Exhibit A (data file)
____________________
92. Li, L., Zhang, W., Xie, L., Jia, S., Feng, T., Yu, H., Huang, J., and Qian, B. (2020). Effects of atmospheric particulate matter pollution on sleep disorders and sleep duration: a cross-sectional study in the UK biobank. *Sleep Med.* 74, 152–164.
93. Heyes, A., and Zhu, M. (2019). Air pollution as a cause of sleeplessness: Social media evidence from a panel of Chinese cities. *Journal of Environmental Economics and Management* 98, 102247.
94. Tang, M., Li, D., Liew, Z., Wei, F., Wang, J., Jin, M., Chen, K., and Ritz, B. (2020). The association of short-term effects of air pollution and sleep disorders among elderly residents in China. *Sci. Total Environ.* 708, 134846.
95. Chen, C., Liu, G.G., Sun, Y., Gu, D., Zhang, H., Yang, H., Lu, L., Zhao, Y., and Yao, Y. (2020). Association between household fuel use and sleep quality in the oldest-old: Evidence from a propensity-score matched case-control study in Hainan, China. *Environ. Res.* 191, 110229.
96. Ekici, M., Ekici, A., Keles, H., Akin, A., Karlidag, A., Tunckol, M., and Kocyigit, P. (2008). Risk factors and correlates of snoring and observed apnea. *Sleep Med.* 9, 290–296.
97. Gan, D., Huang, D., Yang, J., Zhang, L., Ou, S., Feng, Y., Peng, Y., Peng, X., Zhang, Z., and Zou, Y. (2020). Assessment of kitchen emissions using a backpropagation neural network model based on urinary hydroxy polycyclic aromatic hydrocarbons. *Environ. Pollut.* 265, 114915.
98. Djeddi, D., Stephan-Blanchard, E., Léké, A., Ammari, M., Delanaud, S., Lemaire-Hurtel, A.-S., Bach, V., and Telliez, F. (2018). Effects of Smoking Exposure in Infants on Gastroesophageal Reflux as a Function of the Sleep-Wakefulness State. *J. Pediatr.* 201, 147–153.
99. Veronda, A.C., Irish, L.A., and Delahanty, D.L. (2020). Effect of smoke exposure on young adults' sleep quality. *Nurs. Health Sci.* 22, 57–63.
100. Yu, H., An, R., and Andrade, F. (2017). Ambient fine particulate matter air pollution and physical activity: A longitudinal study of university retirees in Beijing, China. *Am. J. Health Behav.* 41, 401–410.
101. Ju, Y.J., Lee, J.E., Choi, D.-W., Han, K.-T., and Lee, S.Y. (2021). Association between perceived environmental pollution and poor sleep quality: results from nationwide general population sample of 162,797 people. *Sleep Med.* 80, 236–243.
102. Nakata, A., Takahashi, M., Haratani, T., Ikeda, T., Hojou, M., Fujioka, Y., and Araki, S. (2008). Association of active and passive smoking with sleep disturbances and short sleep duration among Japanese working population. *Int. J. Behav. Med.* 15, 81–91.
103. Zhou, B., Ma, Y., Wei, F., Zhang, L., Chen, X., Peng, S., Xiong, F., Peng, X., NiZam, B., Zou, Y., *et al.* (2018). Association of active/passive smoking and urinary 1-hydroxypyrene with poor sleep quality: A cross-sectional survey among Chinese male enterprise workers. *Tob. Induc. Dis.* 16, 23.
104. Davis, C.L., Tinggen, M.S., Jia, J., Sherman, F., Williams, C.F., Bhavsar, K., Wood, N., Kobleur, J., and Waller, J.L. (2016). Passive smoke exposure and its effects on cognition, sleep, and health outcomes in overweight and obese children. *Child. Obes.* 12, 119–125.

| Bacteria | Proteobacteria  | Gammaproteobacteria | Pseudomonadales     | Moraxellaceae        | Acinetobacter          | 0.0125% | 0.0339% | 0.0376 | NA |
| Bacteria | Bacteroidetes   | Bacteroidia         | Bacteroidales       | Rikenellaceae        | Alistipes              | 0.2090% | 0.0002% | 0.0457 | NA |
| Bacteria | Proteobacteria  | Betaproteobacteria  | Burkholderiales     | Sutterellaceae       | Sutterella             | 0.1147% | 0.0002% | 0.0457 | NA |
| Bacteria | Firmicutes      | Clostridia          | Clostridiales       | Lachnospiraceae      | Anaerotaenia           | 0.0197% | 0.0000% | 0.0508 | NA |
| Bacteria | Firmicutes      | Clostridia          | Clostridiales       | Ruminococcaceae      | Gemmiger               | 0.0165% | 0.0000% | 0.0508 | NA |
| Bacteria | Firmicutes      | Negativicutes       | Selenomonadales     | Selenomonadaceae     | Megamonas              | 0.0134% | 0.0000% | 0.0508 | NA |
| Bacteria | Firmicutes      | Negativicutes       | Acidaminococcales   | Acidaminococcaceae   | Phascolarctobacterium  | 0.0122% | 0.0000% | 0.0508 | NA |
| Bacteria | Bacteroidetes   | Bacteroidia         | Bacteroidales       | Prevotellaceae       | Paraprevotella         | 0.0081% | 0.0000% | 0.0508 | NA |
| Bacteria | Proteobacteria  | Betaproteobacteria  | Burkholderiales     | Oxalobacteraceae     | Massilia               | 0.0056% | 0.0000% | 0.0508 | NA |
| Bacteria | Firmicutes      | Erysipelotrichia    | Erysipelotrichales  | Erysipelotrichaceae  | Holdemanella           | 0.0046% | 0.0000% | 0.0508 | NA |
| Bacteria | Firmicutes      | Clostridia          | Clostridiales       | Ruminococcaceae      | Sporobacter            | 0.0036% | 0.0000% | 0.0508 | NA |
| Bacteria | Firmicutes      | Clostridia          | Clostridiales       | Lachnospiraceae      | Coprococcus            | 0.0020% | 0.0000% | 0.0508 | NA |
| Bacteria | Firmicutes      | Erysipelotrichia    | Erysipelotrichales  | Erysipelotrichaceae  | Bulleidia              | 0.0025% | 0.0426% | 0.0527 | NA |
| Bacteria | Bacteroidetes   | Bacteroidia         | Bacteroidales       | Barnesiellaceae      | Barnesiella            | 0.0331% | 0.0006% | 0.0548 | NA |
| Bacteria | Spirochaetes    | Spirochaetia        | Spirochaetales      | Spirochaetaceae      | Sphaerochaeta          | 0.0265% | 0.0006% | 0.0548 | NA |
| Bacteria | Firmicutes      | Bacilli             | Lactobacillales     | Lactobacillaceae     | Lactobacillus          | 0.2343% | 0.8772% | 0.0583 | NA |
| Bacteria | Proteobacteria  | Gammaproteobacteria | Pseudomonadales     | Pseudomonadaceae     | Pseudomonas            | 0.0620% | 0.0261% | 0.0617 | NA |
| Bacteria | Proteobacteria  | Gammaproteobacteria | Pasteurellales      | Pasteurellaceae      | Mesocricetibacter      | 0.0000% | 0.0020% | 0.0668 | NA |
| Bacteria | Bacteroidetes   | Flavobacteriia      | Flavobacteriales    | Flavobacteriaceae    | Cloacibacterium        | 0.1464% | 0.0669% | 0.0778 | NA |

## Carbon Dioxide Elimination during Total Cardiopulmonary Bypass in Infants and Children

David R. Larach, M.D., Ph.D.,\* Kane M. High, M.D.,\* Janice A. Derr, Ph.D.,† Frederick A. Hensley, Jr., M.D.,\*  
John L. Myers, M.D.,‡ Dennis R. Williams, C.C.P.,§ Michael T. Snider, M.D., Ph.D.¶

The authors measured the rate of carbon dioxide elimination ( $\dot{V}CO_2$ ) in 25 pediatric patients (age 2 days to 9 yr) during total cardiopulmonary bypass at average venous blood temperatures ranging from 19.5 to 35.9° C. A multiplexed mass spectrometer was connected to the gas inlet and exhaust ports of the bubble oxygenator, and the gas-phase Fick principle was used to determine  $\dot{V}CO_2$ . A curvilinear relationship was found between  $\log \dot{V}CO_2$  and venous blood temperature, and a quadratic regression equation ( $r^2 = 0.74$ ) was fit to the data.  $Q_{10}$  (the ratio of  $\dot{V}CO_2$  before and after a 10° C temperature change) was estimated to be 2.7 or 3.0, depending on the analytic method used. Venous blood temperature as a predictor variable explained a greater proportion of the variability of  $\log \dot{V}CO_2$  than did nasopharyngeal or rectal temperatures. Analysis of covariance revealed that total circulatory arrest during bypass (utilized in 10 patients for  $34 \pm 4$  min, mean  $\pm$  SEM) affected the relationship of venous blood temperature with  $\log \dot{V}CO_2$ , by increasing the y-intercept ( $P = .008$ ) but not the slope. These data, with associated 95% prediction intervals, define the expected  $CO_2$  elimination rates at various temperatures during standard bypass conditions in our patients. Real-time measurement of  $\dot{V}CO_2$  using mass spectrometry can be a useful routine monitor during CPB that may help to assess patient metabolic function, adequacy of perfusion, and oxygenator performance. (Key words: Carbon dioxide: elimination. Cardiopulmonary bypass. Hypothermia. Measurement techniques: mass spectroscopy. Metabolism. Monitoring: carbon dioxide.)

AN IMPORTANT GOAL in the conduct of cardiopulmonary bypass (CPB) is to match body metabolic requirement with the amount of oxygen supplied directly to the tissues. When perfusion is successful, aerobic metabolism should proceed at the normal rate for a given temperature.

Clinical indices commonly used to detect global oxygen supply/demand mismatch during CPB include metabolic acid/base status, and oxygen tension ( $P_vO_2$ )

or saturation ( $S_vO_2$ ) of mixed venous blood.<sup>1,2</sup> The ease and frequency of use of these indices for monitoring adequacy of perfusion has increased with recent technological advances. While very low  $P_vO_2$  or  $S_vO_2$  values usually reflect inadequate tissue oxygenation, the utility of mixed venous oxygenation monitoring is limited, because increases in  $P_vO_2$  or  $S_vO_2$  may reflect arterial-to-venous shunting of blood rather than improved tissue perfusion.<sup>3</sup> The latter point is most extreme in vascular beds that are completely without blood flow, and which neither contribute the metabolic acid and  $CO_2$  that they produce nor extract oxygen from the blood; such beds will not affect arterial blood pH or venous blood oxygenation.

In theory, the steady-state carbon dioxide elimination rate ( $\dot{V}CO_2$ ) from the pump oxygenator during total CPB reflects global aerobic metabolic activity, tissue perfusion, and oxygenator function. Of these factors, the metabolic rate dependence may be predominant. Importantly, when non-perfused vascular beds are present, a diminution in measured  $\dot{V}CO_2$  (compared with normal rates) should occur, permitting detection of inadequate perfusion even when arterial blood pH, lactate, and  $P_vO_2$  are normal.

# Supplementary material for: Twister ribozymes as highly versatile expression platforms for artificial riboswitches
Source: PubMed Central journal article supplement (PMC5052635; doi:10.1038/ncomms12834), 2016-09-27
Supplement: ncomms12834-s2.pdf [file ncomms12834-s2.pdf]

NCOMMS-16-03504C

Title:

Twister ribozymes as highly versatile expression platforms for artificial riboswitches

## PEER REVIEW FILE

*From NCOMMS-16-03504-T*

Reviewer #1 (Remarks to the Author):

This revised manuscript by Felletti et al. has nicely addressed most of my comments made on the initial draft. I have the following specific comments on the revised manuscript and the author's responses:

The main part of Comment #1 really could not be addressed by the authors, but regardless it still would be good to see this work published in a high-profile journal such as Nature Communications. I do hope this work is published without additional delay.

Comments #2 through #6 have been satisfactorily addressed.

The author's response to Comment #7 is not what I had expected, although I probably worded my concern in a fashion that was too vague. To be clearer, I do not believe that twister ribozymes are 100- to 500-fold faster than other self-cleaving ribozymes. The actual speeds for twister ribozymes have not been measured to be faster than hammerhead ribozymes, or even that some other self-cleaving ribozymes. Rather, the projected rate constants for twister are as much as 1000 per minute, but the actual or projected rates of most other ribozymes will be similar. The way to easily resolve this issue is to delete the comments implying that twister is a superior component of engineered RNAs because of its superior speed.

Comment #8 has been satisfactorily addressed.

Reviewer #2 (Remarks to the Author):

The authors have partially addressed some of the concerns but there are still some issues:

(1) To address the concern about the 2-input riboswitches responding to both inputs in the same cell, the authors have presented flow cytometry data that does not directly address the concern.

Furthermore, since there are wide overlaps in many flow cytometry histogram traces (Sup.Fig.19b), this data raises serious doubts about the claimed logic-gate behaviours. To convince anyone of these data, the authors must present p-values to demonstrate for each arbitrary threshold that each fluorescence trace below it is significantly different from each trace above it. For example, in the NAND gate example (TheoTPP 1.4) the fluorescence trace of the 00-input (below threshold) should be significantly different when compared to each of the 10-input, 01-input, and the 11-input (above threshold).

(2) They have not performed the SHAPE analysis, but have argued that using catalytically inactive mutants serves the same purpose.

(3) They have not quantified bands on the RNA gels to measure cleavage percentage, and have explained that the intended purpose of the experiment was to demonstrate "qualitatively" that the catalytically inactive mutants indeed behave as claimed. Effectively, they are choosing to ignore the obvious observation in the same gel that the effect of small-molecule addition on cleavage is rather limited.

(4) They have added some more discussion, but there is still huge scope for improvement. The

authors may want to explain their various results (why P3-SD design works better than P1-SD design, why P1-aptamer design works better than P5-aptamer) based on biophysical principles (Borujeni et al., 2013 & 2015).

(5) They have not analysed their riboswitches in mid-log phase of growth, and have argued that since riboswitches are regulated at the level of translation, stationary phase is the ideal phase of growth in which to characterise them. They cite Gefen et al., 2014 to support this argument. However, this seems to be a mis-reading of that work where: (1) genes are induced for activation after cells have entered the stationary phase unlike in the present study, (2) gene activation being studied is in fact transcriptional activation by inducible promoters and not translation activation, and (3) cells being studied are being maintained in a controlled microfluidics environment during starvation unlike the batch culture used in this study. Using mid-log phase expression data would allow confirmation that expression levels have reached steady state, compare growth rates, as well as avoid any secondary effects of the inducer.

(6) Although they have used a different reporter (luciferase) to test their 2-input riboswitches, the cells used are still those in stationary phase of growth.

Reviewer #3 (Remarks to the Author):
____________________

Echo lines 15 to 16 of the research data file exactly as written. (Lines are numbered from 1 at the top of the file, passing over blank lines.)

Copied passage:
| Bacteria | Bacteroidetes   | Bacteroidia         | Bacteroidales       | Rikenellaceae        | Alistipes              | 0.2090% | 0.0002% | 0.0457 | NA |
| Bacteria | Proteobacteria  | Betaproteobacteria  | Burkholderiales     | Sutterellaceae       | Sutterella             | 0.1147% | 0.0002% | 0.0457 | NA |